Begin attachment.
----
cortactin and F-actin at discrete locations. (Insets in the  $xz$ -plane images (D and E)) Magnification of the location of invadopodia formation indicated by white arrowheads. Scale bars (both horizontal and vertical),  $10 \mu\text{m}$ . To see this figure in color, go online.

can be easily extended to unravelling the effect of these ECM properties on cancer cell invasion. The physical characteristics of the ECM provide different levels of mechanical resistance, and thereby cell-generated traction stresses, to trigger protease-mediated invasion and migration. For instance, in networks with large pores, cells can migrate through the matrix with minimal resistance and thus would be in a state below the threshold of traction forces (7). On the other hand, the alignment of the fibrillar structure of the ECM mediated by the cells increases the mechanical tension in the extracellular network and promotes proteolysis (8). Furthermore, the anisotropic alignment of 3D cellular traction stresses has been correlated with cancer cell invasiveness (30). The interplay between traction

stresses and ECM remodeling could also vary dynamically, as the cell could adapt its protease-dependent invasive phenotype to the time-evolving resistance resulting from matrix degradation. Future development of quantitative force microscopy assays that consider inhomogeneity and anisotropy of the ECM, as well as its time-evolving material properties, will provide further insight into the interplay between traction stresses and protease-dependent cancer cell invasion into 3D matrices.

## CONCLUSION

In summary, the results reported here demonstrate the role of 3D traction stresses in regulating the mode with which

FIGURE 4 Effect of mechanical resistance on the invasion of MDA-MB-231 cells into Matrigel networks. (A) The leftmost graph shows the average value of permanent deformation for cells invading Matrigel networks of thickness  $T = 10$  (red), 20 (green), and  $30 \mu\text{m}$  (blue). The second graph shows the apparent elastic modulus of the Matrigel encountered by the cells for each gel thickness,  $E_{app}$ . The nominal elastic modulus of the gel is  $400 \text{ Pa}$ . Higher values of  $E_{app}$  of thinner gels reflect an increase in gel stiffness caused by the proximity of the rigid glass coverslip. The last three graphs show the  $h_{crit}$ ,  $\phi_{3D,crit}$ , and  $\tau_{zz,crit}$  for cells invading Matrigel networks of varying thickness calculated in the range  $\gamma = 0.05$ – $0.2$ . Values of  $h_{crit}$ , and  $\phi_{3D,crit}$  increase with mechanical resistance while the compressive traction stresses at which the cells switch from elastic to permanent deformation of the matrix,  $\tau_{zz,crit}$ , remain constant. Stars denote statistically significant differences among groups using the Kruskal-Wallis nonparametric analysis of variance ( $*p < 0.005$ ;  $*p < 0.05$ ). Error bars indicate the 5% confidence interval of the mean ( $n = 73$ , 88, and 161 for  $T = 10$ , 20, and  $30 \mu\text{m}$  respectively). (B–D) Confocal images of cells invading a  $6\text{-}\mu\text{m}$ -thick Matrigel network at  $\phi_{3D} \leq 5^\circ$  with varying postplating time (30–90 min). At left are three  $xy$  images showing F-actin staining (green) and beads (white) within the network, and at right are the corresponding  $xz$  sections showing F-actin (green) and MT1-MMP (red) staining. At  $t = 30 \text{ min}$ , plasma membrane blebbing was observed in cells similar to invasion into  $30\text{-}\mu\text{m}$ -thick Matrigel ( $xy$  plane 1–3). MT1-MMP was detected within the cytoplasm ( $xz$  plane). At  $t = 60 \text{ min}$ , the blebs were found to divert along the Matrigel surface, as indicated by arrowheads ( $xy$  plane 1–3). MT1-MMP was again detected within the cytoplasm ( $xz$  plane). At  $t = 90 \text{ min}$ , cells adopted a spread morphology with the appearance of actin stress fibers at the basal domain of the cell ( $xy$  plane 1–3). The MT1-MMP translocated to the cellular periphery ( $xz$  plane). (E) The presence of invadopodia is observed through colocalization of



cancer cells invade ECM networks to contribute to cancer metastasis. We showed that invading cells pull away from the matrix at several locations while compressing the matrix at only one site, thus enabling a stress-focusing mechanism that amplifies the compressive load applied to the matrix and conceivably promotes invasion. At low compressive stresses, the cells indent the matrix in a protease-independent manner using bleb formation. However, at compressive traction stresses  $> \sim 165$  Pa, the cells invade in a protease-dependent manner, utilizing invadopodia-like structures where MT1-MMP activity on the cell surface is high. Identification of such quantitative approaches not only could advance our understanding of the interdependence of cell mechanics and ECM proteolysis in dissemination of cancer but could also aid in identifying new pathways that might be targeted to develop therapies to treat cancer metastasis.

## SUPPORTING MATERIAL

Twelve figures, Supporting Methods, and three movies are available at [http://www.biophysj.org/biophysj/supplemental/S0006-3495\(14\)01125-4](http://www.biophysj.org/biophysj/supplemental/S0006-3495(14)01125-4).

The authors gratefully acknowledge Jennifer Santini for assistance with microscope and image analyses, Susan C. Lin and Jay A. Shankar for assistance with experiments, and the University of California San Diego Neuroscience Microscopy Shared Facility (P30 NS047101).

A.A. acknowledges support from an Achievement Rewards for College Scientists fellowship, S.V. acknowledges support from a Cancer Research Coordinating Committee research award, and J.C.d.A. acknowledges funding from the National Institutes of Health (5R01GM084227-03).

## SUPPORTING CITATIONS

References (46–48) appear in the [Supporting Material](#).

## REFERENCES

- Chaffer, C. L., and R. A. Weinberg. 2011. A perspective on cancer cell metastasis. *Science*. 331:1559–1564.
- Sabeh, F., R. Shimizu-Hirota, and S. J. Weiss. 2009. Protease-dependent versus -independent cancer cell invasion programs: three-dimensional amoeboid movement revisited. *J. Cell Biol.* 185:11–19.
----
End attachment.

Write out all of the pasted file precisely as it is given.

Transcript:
cortactin and F-actin at discrete locations. (Insets in the  $xz$ -plane images (D and E)) Magnification of the location of invadopodia formation indicated by white arrowheads. Scale bars (both horizontal and vertical),  $10 \mu\text{m}$ . To see this figure in color, go online.

can be easily extended to unravelling the effect of these ECM properties on cancer cell invasion. The physical characteristics of the ECM provide different levels of mechanical resistance, and thereby cell-generated traction stresses, to trigger protease-mediated invasion and migration. For instance, in networks with large pores, cells can migrate through the matrix with minimal resistance and thus would be in a state below the threshold of traction forces (7). On the other hand, the alignment of the fibrillar structure of the ECM mediated by the cells increases the mechanical tension in the extracellular network and promotes proteolysis (8). Furthermore, the anisotropic alignment of 3D cellular traction stresses has been correlated with cancer cell invasiveness (30). The interplay between traction

stresses and ECM remodeling could also vary dynamically, as the cell could adapt its protease-dependent invasive phenotype to the time-evolving resistance resulting from matrix degradation. Future development of quantitative force microscopy assays that consider inhomogeneity and anisotropy of the ECM, as well as its time-evolving material properties, will provide further insight into the interplay between traction stresses and protease-dependent cancer cell invasion into 3D matrices.

## CONCLUSION

In summary, the results reported here demonstrate the role of 3D traction stresses in regulating the mode with which

FIGURE 4 Effect of mechanical resistance on the invasion of MDA-MB-231 cells into Matrigel networks. (A) The leftmost graph shows the average value of permanent deformation for cells invading Matrigel networks of thickness  $T = 10$  (red), 20 (green), and  $30 \mu\text{m}$  (blue). The second graph shows the apparent elastic modulus of the Matrigel encountered by the cells for each gel thickness,  $E_{app}$ . The nominal elastic modulus of the gel is  $400 \text{ Pa}$ . Higher values of  $E_{app}$  of thinner gels reflect an increase in gel stiffness caused by the proximity of the rigid glass coverslip. The last three graphs show the  $h_{crit}$ ,  $\phi_{3D,crit}$ , and  $\tau_{zz,crit}$  for cells invading Matrigel networks of varying thickness calculated in the range  $\gamma = 0.05$ – $0.2$ . Values of  $h_{crit}$ , and  $\phi_{3D,crit}$  increase with mechanical resistance while the compressive traction stresses at which the cells switch from elastic to permanent deformation of the matrix,  $\tau_{zz,crit}$ , remain constant. Stars denote statistically significant differences among groups using the Kruskal-Wallis nonparametric analysis of variance ( $*p < 0.005$ ;  $*p < 0.05$ ). Error bars indicate the 5% confidence interval of the mean ( $n = 73$ , 88, and 161 for  $T = 10$ , 20, and  $30 \mu\text{m}$  respectively). (B–D) Confocal images of cells invading a  $6\text{-}\mu\text{m}$ -thick Matrigel network at  $\phi_{3D} \leq 5^\circ$  with varying postplating time (30–90 min). At left are three  $xy$  images showing F-actin staining (green) and beads (white) within the network, and at right are the corresponding  $xz$  sections showing F-actin (green) and MT1-MMP (red) staining. At  $t = 30 \text{ min}$ , plasma membrane blebbing was observed in cells similar to invasion into  $30\text{-}\mu\text{m}$ -thick Matrigel ( $xy$  plane 1–3). MT1-MMP was detected within the cytoplasm ( $xz$  plane). At  $t = 60 \text{ min}$ , the blebs were found to divert along the Matrigel surface, as indicated by arrowheads ( $xy$  plane 1–3). MT1-MMP was again detected within the cytoplasm ( $xz$  plane). At  $t = 90 \text{ min}$ , cells adopted a spread morphology with the appearance of actin stress fibers at the basal domain of the cell ( $xy$  plane 1–3). The MT1-MMP translocated to the cellular periphery ( $xz$  plane). (E) The presence of invadopodia is observed through colocalization of



cancer cells invade ECM networks to contribute to cancer metastasis. We showed that invading cells pull away from the matrix at several locations while compressing the matrix at only one site, thus enabling a stress-focusing mechanism that amplifies the compressive load applied to the matrix and conceivably promotes invasion. At low compressive stresses, the cells indent the matrix in a protease-independent manner using bleb formation. However, at compressive traction stresses  $> \sim 165$  Pa, the cells invade in a protease-dependent manner, utilizing invadopodia-like structures where MT1-MMP activity on the cell surface is high. Identification of such quantitative approaches not only could advance our understanding of the interdependence of cell mechanics and ECM proteolysis in dissemination of cancer but could also aid in identifying new pathways that might be targeted to develop therapies to treat cancer metastasis.

## SUPPORTING MATERIAL

Twelve figures, Supporting Methods, and three movies are available at [http://www.biophysj.org/biophysj/supplemental/S0006-3495\(14\)01125-4](http://www.biophysj.org/biophysj/supplemental/S0006-3495(14)01125-4).

The authors gratefully acknowledge Jennifer Santini for assistance with microscope and image analyses, Susan C. Lin and Jay A. Shankar for assistance with experiments, and the University of California San Diego Neuroscience Microscopy Shared Facility (P30 NS047101).

A.A. acknowledges support from an Achievement Rewards for College Scientists fellowship, S.V. acknowledges support from a Cancer Research Coordinating Committee research award, and J.C.d.A. acknowledges funding from the National Institutes of Health (5R01GM084227-03).

## SUPPORTING CITATIONS

References (46–48) appear in the [Supporting Material](#).

## REFERENCES

- Chaffer, C. L., and R. A. Weinberg. 2011. A perspective on cancer cell metastasis. *Science*. 331:1559–1564.
- Sabeh, F., R. Shimizu-Hirota, and S. J. Weiss. 2009. Protease-dependent versus -independent cancer cell invasion programs: three-dimensional amoeboid movement revisited. *J. Cell Biol.* 185:11–19.